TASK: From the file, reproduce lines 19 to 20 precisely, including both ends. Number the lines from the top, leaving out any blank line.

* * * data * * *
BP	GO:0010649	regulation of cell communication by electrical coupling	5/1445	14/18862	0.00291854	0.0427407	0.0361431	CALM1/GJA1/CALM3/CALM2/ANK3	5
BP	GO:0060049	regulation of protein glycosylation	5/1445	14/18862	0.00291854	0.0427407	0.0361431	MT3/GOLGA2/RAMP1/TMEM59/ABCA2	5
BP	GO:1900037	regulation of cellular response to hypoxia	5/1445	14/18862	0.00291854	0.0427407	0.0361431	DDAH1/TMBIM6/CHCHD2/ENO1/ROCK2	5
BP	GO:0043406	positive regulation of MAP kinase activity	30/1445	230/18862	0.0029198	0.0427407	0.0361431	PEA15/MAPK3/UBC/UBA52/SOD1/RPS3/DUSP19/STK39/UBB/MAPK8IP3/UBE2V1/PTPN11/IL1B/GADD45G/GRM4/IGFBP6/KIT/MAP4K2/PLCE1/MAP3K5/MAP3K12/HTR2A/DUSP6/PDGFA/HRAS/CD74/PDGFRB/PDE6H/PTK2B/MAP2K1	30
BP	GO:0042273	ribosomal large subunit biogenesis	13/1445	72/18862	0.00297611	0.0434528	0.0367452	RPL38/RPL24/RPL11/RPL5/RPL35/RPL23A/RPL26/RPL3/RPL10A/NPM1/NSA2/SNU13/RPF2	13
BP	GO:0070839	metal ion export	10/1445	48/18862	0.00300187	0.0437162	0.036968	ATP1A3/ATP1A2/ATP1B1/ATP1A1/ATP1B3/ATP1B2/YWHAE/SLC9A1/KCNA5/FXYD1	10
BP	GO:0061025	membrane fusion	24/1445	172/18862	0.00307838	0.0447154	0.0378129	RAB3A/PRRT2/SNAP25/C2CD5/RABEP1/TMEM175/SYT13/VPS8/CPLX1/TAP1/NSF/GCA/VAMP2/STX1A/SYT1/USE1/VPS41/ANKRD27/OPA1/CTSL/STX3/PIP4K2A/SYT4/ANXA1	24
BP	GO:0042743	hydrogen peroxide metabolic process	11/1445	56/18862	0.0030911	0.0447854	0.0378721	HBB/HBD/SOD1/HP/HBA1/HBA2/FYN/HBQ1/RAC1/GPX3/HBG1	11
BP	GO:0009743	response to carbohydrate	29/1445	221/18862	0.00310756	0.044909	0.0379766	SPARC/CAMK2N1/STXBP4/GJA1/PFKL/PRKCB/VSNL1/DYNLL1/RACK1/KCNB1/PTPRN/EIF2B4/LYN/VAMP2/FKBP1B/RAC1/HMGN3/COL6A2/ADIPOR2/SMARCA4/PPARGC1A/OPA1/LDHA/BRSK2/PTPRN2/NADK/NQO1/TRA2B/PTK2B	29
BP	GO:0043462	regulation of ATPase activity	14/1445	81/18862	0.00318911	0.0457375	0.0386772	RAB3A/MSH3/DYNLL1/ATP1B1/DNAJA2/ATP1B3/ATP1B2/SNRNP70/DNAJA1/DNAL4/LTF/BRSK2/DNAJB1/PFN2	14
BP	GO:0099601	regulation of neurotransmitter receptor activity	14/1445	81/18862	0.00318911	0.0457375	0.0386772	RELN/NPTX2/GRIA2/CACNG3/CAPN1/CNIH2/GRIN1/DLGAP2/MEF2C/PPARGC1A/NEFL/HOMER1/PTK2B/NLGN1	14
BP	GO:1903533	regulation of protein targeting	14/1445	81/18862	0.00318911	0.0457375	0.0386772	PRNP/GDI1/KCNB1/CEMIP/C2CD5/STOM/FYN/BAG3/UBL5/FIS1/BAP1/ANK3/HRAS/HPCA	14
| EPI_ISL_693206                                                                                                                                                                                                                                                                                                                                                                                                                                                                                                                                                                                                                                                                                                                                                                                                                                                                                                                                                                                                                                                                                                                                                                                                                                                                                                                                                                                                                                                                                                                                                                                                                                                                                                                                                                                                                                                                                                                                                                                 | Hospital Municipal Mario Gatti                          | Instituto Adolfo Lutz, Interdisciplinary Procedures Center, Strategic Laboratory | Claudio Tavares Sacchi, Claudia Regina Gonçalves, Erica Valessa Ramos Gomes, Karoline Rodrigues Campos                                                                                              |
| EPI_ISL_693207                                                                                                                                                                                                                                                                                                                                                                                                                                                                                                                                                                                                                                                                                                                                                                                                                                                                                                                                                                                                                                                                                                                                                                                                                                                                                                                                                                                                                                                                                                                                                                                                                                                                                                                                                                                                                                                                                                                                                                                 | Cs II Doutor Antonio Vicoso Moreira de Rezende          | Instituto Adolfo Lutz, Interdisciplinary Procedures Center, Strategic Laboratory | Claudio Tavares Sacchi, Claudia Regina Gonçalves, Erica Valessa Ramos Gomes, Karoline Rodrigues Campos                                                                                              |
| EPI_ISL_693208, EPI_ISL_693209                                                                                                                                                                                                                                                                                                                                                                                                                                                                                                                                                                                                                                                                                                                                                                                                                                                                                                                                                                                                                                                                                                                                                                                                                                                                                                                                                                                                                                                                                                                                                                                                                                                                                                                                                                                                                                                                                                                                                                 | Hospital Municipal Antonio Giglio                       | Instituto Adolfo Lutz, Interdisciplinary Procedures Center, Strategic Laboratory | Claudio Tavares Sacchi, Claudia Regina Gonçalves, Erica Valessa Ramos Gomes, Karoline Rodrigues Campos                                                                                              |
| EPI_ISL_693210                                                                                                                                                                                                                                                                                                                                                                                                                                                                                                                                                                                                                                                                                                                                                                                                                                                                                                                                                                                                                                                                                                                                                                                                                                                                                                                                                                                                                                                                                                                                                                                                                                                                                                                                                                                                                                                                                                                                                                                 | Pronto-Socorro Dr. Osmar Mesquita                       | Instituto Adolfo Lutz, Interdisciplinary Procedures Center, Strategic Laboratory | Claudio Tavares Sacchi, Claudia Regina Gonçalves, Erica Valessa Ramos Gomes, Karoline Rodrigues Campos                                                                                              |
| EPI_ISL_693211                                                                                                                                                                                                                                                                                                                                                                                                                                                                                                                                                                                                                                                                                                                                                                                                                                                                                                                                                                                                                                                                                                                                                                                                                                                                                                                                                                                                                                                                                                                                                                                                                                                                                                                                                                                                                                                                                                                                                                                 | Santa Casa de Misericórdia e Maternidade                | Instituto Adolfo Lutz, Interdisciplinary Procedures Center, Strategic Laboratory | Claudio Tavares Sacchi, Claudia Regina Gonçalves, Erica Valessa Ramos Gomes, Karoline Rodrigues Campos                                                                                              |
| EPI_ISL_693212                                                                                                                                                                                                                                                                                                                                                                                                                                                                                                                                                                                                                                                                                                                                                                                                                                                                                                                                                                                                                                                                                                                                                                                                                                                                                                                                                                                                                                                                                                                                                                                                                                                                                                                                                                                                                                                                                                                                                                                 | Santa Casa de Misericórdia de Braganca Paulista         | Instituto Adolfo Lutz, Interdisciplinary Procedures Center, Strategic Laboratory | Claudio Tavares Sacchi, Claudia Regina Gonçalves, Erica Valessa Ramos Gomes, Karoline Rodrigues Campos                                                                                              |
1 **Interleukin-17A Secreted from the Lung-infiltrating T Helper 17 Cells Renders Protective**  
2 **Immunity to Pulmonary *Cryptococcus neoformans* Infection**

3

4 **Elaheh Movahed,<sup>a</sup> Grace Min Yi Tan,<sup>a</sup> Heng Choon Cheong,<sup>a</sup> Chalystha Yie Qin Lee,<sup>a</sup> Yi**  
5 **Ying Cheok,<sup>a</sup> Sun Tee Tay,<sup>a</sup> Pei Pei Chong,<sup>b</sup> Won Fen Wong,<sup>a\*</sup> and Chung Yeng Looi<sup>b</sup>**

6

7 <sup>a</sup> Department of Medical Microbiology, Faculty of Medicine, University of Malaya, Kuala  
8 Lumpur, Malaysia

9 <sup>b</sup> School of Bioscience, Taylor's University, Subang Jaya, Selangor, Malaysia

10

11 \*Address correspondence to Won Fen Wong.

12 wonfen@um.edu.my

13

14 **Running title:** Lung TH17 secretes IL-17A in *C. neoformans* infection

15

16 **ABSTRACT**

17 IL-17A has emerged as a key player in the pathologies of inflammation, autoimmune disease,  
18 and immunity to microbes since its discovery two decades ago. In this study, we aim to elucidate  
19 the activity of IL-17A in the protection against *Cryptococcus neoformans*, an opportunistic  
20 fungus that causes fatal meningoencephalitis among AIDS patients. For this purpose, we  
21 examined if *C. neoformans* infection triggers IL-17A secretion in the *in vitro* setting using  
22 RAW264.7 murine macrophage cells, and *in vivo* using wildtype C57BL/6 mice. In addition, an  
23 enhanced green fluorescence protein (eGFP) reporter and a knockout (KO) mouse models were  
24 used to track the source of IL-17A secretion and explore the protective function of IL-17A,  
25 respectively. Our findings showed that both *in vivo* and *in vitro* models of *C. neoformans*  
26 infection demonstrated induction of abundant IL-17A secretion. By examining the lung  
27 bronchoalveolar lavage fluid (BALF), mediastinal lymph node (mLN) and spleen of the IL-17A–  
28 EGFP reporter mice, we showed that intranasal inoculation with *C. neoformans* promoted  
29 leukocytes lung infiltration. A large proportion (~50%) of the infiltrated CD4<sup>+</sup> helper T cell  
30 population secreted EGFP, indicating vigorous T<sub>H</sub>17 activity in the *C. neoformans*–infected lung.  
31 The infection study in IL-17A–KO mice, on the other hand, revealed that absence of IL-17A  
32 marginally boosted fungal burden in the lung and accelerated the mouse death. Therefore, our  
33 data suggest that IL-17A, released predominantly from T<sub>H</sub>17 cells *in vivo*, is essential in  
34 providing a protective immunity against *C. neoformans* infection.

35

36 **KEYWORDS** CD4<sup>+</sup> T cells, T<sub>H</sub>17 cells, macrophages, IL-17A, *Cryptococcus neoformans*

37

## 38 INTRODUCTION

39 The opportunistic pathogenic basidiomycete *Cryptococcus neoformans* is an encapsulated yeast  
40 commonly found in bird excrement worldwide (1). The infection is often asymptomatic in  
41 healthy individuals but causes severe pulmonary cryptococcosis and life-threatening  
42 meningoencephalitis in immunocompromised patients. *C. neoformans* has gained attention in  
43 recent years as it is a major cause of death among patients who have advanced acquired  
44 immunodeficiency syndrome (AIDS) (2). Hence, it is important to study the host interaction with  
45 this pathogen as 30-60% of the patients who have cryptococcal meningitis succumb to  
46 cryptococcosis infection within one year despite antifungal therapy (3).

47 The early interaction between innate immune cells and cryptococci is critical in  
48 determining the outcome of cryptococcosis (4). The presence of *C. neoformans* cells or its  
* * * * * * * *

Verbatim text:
1 **Interleukin-17A Secreted from the Lung-infiltrating T Helper 17 Cells Renders Protective**  
2 **Immunity to Pulmonary *Cryptococcus neoformans* Infection**